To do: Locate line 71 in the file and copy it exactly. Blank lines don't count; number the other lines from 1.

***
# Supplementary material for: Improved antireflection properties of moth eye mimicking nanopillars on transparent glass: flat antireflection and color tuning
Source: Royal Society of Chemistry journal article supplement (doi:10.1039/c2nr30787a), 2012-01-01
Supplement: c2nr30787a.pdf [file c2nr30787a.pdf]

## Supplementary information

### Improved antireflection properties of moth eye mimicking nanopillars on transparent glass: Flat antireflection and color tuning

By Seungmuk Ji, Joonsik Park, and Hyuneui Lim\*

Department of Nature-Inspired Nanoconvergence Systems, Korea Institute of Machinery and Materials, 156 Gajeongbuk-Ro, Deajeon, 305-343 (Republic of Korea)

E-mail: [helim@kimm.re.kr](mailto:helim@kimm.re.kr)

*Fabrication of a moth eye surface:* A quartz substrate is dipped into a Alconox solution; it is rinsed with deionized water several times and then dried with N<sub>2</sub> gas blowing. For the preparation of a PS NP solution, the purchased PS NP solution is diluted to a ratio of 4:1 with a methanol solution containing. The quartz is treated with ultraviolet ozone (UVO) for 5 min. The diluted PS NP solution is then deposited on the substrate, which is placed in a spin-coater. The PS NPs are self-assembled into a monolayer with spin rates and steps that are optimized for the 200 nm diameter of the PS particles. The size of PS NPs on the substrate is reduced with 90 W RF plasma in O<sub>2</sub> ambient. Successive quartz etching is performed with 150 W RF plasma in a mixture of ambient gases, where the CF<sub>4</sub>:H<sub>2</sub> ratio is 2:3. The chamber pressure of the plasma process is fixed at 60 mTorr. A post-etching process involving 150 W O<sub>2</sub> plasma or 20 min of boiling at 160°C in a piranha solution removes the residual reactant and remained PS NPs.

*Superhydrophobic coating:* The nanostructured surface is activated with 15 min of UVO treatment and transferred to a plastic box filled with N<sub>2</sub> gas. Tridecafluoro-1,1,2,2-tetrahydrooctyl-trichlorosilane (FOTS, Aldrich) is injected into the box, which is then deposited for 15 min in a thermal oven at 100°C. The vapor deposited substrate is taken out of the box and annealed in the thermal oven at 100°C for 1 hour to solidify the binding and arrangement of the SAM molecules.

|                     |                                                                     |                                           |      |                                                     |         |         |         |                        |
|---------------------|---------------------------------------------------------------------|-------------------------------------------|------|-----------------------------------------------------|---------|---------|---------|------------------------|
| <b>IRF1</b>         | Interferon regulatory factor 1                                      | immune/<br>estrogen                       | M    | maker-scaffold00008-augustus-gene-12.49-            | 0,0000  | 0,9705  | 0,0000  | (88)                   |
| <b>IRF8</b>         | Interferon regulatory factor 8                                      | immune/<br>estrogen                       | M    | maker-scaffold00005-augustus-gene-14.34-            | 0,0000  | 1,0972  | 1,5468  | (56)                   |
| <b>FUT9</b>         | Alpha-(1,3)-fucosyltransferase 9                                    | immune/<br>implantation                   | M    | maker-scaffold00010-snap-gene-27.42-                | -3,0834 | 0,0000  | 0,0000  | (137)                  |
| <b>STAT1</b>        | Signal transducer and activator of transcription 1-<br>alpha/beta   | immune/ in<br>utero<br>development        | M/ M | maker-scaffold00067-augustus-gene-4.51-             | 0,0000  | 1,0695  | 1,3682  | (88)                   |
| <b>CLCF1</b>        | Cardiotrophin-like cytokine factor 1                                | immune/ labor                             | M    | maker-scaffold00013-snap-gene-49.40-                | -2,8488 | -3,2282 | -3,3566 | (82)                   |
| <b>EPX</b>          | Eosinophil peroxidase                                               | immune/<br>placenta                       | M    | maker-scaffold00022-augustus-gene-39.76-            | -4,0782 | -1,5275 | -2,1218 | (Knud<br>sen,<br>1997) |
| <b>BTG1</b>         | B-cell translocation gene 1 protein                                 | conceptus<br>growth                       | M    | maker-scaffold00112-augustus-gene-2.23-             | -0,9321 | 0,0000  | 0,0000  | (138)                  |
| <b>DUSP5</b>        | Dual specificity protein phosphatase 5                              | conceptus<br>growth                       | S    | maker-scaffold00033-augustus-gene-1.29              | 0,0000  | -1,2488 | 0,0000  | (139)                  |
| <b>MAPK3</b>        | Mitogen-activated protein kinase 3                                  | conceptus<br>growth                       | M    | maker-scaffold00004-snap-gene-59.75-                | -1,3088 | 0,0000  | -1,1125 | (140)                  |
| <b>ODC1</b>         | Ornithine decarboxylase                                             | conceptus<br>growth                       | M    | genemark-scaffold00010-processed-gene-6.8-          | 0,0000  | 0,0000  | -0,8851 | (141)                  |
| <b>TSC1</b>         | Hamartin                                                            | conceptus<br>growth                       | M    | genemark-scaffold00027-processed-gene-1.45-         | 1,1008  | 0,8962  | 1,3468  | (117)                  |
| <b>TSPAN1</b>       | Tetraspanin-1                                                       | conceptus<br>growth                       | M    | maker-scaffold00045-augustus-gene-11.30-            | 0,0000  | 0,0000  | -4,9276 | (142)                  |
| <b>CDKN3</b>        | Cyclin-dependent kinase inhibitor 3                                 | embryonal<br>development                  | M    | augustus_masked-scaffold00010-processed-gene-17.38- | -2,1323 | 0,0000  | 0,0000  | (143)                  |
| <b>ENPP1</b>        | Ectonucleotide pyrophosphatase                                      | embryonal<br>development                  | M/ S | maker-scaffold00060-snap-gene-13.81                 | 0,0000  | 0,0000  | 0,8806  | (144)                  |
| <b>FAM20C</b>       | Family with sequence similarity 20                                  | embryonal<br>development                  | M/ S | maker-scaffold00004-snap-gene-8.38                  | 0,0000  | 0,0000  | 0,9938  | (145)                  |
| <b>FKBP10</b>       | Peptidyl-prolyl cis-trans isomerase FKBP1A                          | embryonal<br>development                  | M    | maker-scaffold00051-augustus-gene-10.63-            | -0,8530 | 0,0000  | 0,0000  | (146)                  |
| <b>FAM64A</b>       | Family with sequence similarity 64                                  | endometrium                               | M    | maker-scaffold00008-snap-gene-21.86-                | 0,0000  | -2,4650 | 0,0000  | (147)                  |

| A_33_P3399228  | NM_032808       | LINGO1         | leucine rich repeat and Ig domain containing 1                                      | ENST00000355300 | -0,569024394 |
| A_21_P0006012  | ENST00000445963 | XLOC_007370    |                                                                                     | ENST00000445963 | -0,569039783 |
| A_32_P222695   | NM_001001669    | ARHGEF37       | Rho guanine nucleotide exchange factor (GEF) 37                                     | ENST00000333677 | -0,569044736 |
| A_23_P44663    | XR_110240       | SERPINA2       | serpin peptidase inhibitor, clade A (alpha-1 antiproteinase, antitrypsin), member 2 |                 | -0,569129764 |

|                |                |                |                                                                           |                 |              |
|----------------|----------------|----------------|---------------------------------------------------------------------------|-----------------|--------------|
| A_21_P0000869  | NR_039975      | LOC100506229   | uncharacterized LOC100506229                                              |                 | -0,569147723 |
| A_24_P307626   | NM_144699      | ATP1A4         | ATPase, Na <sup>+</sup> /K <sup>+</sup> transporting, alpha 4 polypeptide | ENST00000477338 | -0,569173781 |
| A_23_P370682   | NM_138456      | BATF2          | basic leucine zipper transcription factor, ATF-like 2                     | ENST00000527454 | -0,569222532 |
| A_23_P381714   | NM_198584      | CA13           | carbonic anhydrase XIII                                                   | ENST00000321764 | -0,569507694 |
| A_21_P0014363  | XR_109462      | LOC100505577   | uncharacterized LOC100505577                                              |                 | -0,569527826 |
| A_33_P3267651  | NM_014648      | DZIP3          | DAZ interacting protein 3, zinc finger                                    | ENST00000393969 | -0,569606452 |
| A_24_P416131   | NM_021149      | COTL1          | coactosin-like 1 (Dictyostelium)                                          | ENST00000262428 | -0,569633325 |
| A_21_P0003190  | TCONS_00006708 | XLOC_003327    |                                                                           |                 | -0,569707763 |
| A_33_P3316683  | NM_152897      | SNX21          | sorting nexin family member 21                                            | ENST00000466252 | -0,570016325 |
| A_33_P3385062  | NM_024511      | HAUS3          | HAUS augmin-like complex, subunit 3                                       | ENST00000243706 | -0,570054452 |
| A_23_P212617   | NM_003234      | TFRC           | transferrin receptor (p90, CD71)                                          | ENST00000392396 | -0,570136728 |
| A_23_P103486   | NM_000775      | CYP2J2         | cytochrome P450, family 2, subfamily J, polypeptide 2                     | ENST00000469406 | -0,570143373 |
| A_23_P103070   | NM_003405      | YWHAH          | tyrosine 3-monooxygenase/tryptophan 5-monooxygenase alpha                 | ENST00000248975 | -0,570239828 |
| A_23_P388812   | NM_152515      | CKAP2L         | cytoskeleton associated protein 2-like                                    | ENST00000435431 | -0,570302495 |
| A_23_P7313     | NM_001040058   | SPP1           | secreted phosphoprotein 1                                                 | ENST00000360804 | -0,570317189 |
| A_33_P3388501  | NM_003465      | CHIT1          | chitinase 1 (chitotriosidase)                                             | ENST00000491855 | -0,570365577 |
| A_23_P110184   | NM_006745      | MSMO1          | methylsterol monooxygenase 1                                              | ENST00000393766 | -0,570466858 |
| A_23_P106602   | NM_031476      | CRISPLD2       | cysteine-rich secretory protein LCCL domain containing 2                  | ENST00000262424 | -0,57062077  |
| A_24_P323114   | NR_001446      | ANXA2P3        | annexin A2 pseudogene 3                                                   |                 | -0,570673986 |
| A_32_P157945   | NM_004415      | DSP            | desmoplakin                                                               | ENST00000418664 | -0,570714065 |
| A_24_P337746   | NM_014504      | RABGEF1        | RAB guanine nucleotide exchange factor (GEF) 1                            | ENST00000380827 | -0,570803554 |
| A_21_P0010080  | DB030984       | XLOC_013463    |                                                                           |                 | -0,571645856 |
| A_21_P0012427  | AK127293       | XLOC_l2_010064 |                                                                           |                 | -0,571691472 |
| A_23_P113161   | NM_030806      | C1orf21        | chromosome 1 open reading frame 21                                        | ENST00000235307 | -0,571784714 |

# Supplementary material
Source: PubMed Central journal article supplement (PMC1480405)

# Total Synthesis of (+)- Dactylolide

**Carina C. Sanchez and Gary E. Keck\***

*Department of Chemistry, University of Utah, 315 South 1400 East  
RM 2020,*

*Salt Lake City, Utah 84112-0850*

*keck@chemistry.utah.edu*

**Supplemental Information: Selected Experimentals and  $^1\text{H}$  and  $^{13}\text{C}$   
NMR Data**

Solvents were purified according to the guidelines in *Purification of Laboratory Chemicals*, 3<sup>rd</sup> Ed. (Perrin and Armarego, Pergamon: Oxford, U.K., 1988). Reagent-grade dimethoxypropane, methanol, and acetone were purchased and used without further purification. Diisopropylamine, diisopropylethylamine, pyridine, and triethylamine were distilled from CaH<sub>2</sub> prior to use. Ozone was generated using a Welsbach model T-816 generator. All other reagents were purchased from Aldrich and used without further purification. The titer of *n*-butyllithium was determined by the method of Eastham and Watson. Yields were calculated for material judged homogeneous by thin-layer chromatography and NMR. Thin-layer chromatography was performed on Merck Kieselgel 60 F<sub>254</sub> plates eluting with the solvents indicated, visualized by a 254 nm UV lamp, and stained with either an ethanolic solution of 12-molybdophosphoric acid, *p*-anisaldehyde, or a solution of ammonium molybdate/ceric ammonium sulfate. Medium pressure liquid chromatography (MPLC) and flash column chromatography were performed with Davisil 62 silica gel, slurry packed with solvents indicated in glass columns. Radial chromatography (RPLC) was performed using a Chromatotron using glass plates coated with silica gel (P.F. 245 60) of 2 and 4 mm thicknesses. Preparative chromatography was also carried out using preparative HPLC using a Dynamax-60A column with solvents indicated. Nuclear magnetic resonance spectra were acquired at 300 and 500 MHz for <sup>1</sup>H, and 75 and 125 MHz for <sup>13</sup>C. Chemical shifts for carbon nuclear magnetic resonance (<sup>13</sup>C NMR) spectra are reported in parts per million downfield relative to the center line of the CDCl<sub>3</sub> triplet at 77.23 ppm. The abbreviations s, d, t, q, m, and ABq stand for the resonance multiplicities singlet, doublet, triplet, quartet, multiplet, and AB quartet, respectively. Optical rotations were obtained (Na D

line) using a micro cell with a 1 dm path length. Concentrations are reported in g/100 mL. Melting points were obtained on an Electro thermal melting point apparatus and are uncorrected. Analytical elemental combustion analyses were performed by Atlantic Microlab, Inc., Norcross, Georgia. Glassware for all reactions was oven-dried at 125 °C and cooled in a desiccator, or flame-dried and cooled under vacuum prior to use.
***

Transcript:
line) using a micro cell with a 1 dm path length. Concentrations are reported in g/100 mL. Melting points were obtained on an Electro thermal melting point apparatus and are uncorrected. Analytical elemental combustion analyses were performed by Atlantic Microlab, Inc., Norcross, Georgia. Glassware for all reactions was oven-dried at 125 °C and cooled in a desiccator, or flame-dried and cooled under vacuum prior to use.